A joint economic-development district that would support the Evans Farm development's town center has been approved by both the Orange and Concord township boards of trustees.

Orange Township trustees unanimously approved the creation of the tax district at its March 16 meeting. Concord approved the JEDD on April 2.

The measure next will go to the village of Shawnee Hills, which is set to vote later in April, according to Delaware County economic-development director Bob Lamb, whose office helped broker the deal and would serve as staff to the JEDD board, if approved.

A JEDD is an economic-development tool that allows an income tax to be levied in an unincorporated area.

Under a JEDD agreement, an incorporated municipality -- in this case, Shawnee Hills -- administers and imposes an income-tax rate to a designated area within a township, which lacks the power under Ohio law to impose an income tax.

The municipality and township -- or townships, in this instance -- then share the local income-tax revenue based on a formula agreed to in the JEDD contract.

"Both Concord Township and Shawnee Hills would receive a financial benefit from participating," Lamb said, "with Shawnee Hills serving as the taxing entity."

Although the participating governmental entities need not be contiguous, Lamb said, law provides for only one political subdivision to be "jumped."

Evans Farm is a 1,250-acre, mixed-use development north of Lewis Center Road in Orange and Berlin townships that began construction in late 2017. The area affected by the JEDD would include the area around Lewis Center Road between North Road and Evans Farm Drive -- about 100 acres.

Orange Township trustee Ryan Rivers said if the JEDD is approved, a 1% income tax would be levied on businesses and their employees within the district.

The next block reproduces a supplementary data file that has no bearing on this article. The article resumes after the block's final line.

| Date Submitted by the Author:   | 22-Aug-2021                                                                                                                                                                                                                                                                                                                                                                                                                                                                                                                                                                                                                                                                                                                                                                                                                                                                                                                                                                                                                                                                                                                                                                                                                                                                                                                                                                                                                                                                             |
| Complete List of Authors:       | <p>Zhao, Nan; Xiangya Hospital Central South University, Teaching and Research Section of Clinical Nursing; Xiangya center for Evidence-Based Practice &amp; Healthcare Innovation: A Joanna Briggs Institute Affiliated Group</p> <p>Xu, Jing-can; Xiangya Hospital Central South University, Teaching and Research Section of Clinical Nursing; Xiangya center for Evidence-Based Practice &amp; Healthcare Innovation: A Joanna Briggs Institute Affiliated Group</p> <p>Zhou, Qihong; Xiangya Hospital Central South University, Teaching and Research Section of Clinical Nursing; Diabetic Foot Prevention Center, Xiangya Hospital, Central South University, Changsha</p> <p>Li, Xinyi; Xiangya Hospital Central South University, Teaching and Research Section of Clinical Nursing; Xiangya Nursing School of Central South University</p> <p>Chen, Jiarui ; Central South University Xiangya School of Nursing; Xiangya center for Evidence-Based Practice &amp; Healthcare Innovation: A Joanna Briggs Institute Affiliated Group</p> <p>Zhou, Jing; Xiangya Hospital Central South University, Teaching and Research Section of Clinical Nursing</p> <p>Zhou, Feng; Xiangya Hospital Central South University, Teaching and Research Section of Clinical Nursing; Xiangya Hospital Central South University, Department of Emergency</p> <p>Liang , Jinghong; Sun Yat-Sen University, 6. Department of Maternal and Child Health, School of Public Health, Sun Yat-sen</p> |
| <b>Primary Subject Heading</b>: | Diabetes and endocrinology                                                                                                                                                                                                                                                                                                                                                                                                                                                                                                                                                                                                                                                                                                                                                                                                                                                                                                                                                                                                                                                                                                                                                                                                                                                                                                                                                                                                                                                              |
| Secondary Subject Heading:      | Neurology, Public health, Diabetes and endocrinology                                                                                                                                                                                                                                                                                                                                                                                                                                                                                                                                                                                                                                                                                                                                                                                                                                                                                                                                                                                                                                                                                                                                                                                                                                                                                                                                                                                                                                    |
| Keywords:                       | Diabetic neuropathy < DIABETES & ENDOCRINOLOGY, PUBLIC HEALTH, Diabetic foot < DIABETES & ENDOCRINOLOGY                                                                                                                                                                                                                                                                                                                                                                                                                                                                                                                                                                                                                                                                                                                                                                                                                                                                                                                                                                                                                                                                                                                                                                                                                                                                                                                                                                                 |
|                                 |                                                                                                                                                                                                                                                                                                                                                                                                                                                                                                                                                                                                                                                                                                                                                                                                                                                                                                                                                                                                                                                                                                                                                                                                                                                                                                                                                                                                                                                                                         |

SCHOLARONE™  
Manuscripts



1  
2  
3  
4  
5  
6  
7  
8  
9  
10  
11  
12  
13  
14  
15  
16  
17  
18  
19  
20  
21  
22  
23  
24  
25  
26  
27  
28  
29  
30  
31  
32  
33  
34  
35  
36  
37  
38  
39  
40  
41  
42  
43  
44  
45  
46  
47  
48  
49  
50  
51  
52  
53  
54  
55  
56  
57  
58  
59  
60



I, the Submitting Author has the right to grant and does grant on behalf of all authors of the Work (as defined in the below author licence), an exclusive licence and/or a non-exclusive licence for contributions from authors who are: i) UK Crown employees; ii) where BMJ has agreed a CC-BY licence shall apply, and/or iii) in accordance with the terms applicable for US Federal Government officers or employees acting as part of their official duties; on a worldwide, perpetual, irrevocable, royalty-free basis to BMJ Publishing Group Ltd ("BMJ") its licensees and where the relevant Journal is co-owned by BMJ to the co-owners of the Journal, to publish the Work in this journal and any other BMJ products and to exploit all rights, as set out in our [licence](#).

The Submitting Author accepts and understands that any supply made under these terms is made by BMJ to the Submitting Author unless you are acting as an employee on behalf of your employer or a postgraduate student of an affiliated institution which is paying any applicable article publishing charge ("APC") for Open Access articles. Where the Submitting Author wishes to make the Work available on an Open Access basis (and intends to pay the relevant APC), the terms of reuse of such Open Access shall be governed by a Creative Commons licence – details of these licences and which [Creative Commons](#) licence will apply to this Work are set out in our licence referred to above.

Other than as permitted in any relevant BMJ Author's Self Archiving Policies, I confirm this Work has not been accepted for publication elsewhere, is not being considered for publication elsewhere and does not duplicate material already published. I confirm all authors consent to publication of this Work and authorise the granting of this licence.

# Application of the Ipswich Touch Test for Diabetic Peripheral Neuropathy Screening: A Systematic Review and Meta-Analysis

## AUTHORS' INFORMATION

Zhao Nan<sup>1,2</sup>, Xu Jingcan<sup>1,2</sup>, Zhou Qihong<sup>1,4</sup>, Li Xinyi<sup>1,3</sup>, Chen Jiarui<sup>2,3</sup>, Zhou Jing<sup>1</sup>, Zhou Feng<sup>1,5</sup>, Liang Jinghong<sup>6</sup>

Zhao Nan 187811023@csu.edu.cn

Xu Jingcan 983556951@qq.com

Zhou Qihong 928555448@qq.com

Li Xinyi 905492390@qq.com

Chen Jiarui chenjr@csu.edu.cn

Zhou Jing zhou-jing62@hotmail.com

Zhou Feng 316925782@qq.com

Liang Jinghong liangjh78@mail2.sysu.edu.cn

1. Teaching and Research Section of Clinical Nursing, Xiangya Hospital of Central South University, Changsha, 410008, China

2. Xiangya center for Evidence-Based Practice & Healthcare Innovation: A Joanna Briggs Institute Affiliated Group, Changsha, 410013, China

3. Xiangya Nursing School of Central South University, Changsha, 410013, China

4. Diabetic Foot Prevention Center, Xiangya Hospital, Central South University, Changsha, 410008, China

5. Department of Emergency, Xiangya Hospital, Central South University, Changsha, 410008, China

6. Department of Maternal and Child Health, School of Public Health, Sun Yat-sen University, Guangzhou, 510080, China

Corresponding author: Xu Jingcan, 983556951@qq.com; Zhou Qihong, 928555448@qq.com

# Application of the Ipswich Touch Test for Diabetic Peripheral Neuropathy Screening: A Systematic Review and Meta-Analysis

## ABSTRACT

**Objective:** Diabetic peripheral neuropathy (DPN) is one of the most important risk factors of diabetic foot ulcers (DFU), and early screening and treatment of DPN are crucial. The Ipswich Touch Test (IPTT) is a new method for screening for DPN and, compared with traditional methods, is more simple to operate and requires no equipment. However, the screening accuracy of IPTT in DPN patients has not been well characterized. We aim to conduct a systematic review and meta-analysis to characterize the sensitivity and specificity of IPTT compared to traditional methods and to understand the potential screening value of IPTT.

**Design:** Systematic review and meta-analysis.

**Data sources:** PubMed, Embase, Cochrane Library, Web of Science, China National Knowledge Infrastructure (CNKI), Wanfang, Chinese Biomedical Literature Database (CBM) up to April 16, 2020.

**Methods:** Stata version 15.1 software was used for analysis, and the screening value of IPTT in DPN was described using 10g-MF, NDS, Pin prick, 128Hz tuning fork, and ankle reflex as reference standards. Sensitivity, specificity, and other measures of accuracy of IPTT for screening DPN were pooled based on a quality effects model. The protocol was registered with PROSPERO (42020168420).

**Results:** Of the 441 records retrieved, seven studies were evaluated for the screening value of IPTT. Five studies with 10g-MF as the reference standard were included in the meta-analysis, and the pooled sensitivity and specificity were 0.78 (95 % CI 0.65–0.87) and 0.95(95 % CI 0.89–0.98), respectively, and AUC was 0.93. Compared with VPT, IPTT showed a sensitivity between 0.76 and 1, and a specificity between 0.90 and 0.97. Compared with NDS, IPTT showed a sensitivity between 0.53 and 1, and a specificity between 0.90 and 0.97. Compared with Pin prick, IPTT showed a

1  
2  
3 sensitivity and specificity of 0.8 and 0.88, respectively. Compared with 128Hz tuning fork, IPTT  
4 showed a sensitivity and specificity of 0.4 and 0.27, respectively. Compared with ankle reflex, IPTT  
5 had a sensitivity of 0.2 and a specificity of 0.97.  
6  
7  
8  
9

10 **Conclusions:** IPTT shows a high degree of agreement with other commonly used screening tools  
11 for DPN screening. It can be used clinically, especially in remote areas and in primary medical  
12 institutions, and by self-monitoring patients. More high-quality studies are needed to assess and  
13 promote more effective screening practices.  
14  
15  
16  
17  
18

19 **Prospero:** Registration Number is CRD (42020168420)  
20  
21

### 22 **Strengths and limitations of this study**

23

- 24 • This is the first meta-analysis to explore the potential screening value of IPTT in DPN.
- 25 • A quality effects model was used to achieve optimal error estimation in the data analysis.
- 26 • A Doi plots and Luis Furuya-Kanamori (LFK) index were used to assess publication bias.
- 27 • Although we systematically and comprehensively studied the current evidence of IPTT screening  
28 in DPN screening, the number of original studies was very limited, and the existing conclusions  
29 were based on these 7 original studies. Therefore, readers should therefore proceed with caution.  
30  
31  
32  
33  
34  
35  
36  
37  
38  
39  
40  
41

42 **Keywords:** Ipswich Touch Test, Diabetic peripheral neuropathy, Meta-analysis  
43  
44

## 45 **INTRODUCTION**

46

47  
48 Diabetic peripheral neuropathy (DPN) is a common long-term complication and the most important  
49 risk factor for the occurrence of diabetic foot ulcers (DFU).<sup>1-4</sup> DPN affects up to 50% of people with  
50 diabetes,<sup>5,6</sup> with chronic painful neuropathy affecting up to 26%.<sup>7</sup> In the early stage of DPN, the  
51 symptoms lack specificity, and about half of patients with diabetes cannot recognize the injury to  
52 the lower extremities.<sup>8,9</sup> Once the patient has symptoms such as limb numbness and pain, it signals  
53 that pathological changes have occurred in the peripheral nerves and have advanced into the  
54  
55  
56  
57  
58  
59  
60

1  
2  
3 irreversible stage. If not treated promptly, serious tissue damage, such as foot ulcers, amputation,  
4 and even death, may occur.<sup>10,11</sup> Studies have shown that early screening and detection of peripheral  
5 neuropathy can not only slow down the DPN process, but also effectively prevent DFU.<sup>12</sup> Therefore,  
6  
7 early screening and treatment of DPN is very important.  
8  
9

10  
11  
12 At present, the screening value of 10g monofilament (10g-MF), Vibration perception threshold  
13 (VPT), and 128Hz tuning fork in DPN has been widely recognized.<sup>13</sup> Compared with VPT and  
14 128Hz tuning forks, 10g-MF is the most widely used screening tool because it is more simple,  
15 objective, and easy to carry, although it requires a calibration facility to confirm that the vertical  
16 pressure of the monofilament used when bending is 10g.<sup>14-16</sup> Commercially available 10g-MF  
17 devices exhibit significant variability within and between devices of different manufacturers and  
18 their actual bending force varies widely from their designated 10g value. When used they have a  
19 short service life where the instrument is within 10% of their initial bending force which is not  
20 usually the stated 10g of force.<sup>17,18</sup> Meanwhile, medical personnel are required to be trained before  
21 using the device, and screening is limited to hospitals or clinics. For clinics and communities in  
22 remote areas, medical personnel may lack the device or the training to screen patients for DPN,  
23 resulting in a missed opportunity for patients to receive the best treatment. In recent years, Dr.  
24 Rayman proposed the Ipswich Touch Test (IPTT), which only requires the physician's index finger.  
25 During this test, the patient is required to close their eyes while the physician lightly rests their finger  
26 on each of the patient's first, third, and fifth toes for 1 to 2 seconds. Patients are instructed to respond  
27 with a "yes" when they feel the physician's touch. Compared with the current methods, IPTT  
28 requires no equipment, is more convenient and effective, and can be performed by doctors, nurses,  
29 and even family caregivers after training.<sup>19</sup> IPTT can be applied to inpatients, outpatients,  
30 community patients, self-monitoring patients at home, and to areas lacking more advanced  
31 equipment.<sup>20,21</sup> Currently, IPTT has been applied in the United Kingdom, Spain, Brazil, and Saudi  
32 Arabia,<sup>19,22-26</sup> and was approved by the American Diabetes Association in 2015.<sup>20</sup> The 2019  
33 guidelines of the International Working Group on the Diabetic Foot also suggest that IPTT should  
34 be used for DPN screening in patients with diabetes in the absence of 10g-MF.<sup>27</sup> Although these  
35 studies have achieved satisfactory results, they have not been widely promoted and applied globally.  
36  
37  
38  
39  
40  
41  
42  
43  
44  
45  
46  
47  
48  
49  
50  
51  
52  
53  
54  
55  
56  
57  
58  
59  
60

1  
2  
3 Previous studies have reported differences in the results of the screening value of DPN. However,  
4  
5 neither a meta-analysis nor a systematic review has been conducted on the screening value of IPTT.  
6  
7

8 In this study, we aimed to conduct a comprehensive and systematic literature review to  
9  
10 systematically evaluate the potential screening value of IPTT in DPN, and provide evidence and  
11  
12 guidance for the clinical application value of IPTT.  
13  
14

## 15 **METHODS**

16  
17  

That includes construction workers, Lamb said.

It would not apply to single-family homes, Rivers said.

"(Township) residents would not pay any new tax" as a result of the JEDD, Rivers said.

The 1% rate would be fixed for the first 10 years, Lamb said. The percentage could be adjusted after that period.

JEDD revenues may be used to promote economic development and for infrastructure, planning and engineering costs and other development issues within the district.

"These are things that, per the Ohio Revised Code, townships are normally not allowed to spend tax monies on," Lamb said. "That's where a JEDD comes in."

The Delaware County Finance Authority is also a participant in the JEDD, providing up-front legal costs and, if the JEDD is approved, serving on the JEDD board.

Rivers said the next step, following the creation of a board, would be to secure development within the new tax district in order for it to begin generating funds. Lamb said the prospects are encouraging.

"There is a strong desire to build in Delaware County right now," Lamb said.

He acknowledged that any situation is fluid, in particular due to the unknown potential impact of the COVID-19 coronavirus, but that "construction and economic development are continuing at this time in many areas of the county."